The kitchen of the future has a long past. At world fairs and trade shows going back more than a century, crowds have been tantalized with slick visions of the extraordinary ways we’d be preparing foods in the coming decades. In particular, notes Ruth Oldenziel, a professor of American and European history at the Eindhoven University of Technology in the Netherlands, and coeditor of the book Cold War Kitchen, futuristic kitchens have long been used by marketers to excite us about new technologies. In the 1900s, it was the magic of natural-gas stoves, then in the 1920s and 1930s, the spread of electric and telephone utilities, then refrigeration in the 1940s, on through microwave ovens in the 1950s and even nuclear power in the Atomic Age kitchen (to say nothing of today’s quesadilla presses and single-serving coffeemakers). “In every generation, the kitchen of the future is a sort of passport photo for innovation,” says Oldenziel.
But lost in all the fuss over electromechanical, thermal, and radiative marvels, according to Oldenziel, was much discussion about changes in the food itself, or in the people cooking and eating in these kitchens-to-come. The futuristic kitchen had the same mom cooking the same macaroni and cheese for the same dad and two kids who were gathered for dinner at the kitchen table—the “futuristic” part was in the machines and energy that allowed mom to cook and clean up quickly and easily.
And that’s what distinguishes some of today’s visions of the kitchen of the future. Yes, the technological breakthroughs are part of the picture, but they’re not the drivers anymore. Today’s kitchen designers and innovators are focused on who we’re going to be, and what that means for food and the main place in which we cook and often consume it.
We Are How We Eat (and Cook)
In 2010, the lifestyle-design megabrand Ikea commissioned London-based Future Poll, the research division of the Future Laboratory think tank, to report on societal changes over the next three decades that could affect how consumers use the kitchen. Among the report’s conclusions: More of the world’s expanding population will live in urban areas, creating greater demand for smaller, multipurpose kitchen spaces; a pressing need for efficiency will lead to new food-preparation technologies; and an ever-growing dependence on digital connectedness will vastly accelerate the trend to integrate entertainment and social networks into everything that’s done in the kitchen, turning the space into a media center. At the same time, an increasing desire to live in villagelike communities rather than sprawling suburbs will promote the wide-scale creation of private and local food gardens and farms. A rising concern with wellness will make kitchens centers of nutrition instead of junk food bazaars—with a heightened focus on eating more farm-fresh vegetables and fruits. Finally, growing environmental consciousness will lead people to embrace green, sustainable kitchens, along with outdoor cooking and eating spaces with all the conveniences of indoor kitchens.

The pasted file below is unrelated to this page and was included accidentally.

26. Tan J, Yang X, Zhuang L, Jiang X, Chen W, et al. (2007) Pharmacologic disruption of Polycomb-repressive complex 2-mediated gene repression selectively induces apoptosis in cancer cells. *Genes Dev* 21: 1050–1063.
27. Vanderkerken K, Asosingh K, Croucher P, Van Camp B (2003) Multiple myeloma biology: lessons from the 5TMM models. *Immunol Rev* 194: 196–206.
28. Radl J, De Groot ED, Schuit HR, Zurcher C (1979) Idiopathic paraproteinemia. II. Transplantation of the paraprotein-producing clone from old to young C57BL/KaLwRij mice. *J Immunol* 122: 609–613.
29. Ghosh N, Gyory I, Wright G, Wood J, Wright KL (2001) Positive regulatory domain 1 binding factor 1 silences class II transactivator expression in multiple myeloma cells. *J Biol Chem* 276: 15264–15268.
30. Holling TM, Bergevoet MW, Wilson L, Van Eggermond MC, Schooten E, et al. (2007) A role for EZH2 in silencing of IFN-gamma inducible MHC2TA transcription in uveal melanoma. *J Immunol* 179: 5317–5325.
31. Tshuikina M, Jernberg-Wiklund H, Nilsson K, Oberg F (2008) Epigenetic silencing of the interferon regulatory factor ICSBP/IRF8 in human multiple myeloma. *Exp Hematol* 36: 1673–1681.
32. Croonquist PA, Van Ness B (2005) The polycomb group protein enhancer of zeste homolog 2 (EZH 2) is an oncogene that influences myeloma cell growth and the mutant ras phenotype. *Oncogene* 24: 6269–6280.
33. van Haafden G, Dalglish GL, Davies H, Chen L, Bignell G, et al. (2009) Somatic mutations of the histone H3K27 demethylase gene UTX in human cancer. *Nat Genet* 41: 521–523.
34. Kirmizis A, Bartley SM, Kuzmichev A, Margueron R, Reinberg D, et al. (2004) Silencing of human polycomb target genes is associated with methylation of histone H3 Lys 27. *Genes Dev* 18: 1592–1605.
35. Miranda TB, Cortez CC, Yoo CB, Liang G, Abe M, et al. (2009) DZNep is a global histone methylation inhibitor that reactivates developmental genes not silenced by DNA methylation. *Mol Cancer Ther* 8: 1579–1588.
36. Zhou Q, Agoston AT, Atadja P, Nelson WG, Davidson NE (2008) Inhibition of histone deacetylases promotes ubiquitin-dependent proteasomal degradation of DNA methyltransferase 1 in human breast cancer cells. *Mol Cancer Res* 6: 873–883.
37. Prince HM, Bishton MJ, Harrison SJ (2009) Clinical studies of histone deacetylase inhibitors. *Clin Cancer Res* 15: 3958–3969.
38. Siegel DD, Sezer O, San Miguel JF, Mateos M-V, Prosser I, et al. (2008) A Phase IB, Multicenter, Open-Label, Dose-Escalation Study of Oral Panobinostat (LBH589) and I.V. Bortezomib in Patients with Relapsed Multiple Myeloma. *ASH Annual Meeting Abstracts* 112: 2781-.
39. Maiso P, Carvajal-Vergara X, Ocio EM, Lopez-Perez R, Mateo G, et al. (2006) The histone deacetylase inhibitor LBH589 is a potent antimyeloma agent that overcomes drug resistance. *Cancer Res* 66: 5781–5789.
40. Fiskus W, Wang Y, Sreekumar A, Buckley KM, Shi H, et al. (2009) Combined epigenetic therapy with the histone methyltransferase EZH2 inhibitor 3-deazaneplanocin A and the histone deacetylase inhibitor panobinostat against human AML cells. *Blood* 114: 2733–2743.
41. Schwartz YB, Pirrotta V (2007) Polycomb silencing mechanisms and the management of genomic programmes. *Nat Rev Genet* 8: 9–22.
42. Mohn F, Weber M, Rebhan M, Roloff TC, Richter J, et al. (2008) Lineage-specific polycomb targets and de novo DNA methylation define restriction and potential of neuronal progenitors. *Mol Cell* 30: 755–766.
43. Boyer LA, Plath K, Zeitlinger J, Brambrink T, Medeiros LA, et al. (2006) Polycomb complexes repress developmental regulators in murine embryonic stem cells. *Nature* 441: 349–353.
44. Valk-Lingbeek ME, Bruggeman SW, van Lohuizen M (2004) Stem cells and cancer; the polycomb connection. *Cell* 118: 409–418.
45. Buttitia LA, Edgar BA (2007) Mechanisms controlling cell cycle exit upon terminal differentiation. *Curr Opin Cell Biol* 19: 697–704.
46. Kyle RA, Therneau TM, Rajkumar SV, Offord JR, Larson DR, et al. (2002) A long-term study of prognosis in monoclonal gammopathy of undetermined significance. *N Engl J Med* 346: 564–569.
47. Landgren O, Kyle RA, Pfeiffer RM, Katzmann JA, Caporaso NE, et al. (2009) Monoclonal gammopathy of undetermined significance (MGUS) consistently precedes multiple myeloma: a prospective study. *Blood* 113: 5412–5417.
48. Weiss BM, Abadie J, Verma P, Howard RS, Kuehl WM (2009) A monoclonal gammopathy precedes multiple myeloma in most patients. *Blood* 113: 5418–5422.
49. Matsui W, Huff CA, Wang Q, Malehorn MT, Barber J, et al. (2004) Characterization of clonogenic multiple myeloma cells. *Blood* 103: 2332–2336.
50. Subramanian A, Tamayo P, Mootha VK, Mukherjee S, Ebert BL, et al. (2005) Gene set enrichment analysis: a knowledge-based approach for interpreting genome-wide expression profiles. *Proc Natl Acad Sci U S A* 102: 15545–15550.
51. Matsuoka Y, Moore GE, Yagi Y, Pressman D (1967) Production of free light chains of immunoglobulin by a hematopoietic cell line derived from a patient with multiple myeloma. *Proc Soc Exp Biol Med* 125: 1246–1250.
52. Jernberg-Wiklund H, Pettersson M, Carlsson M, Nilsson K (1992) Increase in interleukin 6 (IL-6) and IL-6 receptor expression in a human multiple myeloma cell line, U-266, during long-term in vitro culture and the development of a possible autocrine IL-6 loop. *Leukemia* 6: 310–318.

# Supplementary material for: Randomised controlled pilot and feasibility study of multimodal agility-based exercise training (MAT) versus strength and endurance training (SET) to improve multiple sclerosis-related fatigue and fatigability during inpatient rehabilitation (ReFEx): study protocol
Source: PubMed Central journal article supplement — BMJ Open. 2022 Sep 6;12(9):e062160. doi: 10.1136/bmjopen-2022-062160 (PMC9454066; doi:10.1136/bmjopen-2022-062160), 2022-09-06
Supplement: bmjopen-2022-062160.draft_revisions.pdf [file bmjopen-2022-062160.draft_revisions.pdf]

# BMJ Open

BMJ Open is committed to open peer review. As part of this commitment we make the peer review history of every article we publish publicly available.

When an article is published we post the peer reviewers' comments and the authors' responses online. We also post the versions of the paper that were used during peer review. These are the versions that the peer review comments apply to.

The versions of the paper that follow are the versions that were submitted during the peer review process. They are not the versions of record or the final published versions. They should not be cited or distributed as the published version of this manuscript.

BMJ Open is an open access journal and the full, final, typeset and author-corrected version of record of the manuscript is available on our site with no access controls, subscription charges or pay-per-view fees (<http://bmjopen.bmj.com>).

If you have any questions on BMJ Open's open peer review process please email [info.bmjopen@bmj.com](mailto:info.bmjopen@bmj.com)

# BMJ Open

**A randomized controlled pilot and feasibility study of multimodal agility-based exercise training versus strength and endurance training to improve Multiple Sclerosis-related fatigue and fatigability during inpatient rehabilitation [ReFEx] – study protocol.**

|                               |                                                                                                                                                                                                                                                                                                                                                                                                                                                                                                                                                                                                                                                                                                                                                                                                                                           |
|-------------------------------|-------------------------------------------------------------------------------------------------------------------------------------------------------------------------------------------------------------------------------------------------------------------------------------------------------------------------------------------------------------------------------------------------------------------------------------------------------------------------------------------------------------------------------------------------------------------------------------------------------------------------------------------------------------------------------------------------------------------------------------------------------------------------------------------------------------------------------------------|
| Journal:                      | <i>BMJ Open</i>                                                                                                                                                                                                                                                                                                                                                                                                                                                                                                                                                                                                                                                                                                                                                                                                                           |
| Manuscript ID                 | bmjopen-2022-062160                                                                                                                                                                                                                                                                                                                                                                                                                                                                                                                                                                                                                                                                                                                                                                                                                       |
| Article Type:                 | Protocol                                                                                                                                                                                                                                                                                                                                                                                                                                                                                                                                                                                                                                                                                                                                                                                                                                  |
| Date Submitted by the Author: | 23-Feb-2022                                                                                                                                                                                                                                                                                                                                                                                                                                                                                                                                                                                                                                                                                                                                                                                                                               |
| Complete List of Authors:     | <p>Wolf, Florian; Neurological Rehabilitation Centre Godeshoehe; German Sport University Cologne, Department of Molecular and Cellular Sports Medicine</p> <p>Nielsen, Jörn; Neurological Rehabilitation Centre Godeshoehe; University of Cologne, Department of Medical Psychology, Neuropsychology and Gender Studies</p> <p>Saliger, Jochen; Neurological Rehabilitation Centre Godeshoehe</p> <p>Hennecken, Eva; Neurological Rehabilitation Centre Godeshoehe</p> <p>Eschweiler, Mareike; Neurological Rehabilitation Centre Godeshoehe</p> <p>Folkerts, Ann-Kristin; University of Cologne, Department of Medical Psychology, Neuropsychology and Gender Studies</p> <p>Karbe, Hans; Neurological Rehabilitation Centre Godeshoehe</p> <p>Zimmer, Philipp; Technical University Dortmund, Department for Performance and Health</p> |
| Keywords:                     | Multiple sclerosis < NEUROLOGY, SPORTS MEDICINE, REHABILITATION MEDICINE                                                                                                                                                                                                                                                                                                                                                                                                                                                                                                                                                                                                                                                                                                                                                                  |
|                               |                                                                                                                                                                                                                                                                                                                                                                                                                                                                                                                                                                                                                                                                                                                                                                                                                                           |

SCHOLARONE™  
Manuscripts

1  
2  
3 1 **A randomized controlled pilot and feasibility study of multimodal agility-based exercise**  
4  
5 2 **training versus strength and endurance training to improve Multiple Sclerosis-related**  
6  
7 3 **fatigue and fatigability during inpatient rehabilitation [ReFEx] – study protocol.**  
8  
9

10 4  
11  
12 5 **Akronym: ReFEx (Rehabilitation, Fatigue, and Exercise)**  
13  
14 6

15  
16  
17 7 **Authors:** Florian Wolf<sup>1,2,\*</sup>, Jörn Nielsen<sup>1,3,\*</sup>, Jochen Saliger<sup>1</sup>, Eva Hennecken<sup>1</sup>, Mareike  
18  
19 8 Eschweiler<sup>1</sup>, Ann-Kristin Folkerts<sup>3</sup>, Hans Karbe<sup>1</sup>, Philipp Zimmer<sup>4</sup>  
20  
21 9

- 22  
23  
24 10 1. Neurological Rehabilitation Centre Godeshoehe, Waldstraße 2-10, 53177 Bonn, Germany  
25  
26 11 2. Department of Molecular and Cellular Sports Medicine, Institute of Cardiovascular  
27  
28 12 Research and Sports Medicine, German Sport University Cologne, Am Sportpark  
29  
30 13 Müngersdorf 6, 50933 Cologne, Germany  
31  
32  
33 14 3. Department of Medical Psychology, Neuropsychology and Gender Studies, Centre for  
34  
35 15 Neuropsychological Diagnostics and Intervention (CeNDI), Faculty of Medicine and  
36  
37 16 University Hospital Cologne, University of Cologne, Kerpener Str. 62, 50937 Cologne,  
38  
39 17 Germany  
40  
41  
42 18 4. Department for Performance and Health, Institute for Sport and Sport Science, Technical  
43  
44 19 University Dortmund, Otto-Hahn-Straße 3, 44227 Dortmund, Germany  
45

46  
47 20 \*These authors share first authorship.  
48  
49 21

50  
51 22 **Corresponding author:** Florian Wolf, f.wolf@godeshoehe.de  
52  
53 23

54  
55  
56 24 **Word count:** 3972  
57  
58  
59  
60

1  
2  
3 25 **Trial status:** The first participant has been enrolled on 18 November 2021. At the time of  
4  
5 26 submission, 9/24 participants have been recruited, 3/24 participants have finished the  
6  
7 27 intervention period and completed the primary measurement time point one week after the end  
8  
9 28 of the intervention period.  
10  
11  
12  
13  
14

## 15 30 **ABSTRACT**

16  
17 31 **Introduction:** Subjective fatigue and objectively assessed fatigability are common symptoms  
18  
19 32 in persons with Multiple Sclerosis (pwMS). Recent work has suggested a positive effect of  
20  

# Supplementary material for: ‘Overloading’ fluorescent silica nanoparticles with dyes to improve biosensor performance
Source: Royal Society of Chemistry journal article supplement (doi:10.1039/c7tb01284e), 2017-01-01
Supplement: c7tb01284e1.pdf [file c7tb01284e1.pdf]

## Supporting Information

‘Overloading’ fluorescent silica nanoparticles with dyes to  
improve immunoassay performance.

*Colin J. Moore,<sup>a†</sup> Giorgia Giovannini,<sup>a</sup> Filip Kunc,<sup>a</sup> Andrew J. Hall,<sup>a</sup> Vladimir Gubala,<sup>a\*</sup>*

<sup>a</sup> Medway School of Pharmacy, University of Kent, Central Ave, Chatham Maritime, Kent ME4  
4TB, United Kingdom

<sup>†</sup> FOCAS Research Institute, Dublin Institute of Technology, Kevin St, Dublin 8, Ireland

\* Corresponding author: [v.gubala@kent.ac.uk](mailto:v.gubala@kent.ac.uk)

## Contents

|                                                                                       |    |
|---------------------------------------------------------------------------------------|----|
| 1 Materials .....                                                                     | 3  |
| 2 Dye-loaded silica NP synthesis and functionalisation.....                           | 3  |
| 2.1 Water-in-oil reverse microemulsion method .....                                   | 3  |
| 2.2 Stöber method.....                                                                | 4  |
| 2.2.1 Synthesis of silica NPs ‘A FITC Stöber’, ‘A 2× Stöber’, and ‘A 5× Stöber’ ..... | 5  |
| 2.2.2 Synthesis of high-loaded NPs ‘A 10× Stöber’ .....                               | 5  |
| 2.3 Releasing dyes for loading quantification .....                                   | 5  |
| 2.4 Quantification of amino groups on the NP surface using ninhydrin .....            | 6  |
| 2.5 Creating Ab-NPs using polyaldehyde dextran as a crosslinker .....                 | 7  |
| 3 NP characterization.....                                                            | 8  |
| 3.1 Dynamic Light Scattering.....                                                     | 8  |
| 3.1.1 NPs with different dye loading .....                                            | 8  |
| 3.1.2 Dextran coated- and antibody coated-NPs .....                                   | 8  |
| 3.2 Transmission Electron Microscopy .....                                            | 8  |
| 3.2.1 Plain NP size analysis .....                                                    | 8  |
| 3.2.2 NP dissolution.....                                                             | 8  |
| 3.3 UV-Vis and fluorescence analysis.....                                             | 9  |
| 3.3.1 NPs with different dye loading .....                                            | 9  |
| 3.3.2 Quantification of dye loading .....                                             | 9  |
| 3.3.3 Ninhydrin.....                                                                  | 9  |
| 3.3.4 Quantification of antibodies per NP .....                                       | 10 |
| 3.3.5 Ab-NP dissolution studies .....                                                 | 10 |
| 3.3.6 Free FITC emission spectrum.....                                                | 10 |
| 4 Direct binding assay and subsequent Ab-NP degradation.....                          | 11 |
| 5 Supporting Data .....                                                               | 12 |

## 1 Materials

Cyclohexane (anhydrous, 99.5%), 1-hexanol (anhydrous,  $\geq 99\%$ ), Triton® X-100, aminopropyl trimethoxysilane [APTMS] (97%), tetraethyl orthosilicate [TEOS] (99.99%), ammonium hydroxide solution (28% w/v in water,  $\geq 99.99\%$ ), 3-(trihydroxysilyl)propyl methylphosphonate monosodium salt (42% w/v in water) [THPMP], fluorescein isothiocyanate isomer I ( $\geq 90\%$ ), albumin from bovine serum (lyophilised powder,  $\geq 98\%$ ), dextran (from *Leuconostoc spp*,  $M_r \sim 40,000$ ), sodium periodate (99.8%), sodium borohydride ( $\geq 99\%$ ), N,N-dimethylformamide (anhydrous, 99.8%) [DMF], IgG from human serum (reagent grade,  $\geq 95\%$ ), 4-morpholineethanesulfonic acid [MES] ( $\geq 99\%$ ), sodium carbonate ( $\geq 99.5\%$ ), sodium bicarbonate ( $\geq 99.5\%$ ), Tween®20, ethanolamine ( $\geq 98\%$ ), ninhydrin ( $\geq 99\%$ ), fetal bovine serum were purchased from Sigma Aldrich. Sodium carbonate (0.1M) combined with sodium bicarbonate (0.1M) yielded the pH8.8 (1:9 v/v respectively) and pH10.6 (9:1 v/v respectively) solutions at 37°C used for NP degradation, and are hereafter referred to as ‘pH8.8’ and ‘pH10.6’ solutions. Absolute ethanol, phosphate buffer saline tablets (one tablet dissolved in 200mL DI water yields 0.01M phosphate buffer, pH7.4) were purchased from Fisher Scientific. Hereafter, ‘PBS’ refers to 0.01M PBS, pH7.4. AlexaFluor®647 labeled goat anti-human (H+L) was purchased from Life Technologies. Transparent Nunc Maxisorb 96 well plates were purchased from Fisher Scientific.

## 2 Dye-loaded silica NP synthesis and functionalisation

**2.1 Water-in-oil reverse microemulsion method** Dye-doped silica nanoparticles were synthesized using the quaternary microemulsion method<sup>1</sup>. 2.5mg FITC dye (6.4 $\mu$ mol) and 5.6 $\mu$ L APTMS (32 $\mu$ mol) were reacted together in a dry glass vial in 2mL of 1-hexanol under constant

Many similar future kitchen trends are predicted by Ray Kinoshita Mann, an architecture professor at the University of Massachusetts at Amherst. Kinoshita Mann and her design company, RK Studio are developing a visionary five-home Amherst neighborhood, called the Solar Courtyard Homes Project, a self-funded development intended to bring ultra-green design and a shared, sustainable, permaculture landscape to the market at an all-in price of about $600,000 per home. The kitchen in the nearly complete first home is on the small side by today’s standards. But guided by the rising need for multipurpose kitchen spaces, this kitchen is designed to allow several people to comfortably and efficiently cook together, or even use the space to work on projects unrelated to cooking and eating. Long, narrow counters, including four stove burners arranged side by side rather than back to front; an extra-wide double sink; doorless cabinets that allow easier access to ingredients, tools, and dinnerware; and a large island with a flat unaccessorized top make the room useful for multiple cooks as well as nonfood projects. To extend the kitchen area, the adjoining living space is raised more than a foot so that people sitting in it can be at nearly eye level with those standing in the kitchen, and the island slides on tracks all the way into that area. Every surface in the kitchen is height-adjustable (in some cases just by loosening a few knobs) to accommodate children and those in wheelchairs. “I tried to avoid the conventional kitchen command-center architecture that’s really only good for one person doing all the cooking,” says Kinoshita Mann. “I wanted several people to be able to work in the kitchen without getting in each other’s way, or having to dodge cabinet doors.”